Technical Complexity Requires precise execution and timing Difficult to perform correctly
Ethical Considerations Encouraging dangerous stunts Negative influence on young gymnasts

The debate on the appropriateness and safety of the Dead Loop intensified shortly after the 1972 Munich Olympics. The stunning yet perilous nature of the move led to its ban from high-level international sporting competitions.

“Fun fact: The Dead Loop went viral on social media platforms in 2022, with a video of Korbut’s performance notching up over 2 million hits.”

Gymnastics Federations’ Response

National and international gymnastics federations, recognizing the risks involved in the Dead Loop, took a firm stance against the move. The decision to ban the Dead Loop was a significant step in prioritizing safety in the sport.

The federations’ response to the Dead Loop involved collaboration with gymnasts, coaches, and medical experts. This collective approach ensured that the decision was well-informed and aligned with the best interests of the sport.

Response Description Impact
Ban Prohibition of the Dead Loop in competitions Enhanced safety standards
Guidelines Issuance of safety guidelines and recommendations Educating gymnasts and coaches
Public Awareness Media coverage and public debates Increased awareness of safety in gymnastics

Alternatives to the Dead Loop

gymnastics grid

While the Dead Loop has been banned from competitions, gymnastics continues to evolve with new and innovative skills. Gymnasts have explored other advanced elements that challenge their abilities while adhering to safety guidelines.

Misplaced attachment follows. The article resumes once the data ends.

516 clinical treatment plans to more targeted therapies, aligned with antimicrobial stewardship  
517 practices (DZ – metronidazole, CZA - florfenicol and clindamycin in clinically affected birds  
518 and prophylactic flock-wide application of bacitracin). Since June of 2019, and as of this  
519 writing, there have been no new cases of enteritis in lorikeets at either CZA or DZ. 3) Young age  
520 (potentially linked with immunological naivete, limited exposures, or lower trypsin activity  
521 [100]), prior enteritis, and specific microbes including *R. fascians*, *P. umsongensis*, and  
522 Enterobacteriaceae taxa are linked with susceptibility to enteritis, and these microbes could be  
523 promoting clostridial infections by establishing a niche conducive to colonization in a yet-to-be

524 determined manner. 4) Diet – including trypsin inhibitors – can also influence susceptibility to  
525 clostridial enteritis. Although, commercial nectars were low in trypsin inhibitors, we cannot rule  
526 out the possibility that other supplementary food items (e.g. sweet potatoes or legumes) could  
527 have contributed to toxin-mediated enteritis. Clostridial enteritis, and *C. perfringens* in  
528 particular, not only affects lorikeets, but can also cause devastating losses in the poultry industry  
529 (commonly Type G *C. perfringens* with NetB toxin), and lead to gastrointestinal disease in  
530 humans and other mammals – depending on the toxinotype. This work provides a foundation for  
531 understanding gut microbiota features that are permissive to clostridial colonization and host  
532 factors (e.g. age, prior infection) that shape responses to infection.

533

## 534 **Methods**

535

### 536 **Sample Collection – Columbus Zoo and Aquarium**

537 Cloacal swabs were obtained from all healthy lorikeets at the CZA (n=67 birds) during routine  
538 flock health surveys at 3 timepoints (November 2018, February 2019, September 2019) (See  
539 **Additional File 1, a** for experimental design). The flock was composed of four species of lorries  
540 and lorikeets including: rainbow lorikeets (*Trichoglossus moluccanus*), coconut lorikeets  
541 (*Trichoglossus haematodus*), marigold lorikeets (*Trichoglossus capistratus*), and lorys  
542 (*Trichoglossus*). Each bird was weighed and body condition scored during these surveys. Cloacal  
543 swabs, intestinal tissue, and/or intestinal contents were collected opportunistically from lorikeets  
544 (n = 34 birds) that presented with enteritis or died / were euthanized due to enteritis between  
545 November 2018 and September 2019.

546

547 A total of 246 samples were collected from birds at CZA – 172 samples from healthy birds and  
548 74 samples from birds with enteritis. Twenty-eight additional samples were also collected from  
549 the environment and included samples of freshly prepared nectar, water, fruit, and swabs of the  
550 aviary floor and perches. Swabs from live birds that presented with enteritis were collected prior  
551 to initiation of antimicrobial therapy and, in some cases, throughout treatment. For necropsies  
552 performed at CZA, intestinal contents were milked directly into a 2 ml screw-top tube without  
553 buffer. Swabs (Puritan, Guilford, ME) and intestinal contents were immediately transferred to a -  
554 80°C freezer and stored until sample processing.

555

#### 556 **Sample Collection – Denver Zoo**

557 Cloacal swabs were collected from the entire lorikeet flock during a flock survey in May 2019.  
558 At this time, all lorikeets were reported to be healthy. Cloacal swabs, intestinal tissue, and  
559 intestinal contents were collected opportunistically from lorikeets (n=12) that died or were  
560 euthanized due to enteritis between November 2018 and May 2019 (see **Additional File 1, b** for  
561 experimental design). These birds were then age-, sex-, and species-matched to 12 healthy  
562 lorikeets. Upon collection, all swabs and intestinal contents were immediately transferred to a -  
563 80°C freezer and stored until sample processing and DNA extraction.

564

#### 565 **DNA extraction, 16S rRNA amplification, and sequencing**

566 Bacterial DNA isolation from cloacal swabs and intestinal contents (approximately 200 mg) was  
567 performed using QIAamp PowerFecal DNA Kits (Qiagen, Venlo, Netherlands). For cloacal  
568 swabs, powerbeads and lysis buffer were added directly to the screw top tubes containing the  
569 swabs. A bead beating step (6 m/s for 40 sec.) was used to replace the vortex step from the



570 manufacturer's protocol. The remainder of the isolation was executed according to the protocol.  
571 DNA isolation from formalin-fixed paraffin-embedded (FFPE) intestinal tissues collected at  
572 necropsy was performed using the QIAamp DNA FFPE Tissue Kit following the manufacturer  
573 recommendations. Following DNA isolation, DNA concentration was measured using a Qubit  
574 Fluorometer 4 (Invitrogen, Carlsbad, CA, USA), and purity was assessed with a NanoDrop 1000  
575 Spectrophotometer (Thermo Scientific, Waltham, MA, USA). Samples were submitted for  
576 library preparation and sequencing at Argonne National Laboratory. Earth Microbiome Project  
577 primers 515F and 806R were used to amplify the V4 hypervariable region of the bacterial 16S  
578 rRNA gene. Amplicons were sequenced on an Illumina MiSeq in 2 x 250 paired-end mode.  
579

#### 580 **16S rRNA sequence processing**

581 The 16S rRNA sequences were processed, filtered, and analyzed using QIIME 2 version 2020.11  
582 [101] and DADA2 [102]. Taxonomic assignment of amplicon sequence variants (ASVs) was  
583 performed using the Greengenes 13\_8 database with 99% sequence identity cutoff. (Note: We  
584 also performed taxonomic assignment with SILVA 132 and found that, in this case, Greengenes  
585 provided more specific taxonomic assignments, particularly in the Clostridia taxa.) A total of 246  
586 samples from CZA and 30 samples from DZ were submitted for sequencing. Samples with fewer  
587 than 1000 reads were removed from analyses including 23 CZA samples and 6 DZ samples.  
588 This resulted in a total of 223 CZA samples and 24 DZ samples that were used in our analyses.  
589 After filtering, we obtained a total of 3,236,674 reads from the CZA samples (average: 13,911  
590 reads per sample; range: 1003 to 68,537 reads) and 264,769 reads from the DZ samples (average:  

Skill Apparatus Description Level of Difficulty
Gienger Uneven Bars A backflip with a half twist to regrasp the bar Advanced
Yurchenko Vault A round-off onto the springboard followed by a backflip Advanced
Amanar Vault A Yurchenko with 2.5 twists in the post-flight Highly Advanced

The ban on the Dead Loop has led to an increased emphasis on innovation, creativity, and safety in gymnastics. Coaches and gymnasts are encouraged to explore new techniques that push the boundaries of the sport without compromising safety.

The gymnastics community continues to encourage diversity in routines, allowing gymnasts to express their unique styles and strengths. By exploring different skills and combinations, gymnasts can create captivating routines without relying on high-risk elements like the Dead Loop.


How Did the Dead Loop Get Its Name?

Also known as the Korbut Flip, named after Olga Korbut, who performed the move at the 1972 Munich Olympics.

Has the Dead Loop Been Performed Successfully in Competitions Before?

Yes, it was performed successfully by Olga Korbut at the 1972 Munich Olympics. Shortly after, it was banned from high-level international sporting competitions.

What Are the Most Challenging Technical Aspects?

The precise timing, strength, and coordination to execute the backflip and regrasp the bar without losing footing.

How Has the Ban on the Dead Loop Affected the Gymnastics Community?

The ban on the Dead Loop has led to a renewed focus on safety and responsible innovation in gymnastics. It serves as a reminder of the importance of ethical considerations in the sport.


The Dead Loop, or Korbut Flip, has left a lasting impact on gymnastics. Its spectacular execution, followed by a ban, has shaped the sport’s approach to innovation, creativity, and safety.

The ban was implemented due to the immense risks involved in its performance. The decision reflects the sport’s commitment to prioritizing safety and ethical considerations.

The future of gymnastics continues to be bright, with new talents and innovations emerging. The lessons learned from the Dead Loop serve as a guide for responsible growth and development in the sport, ensuring that safety remains at the forefront.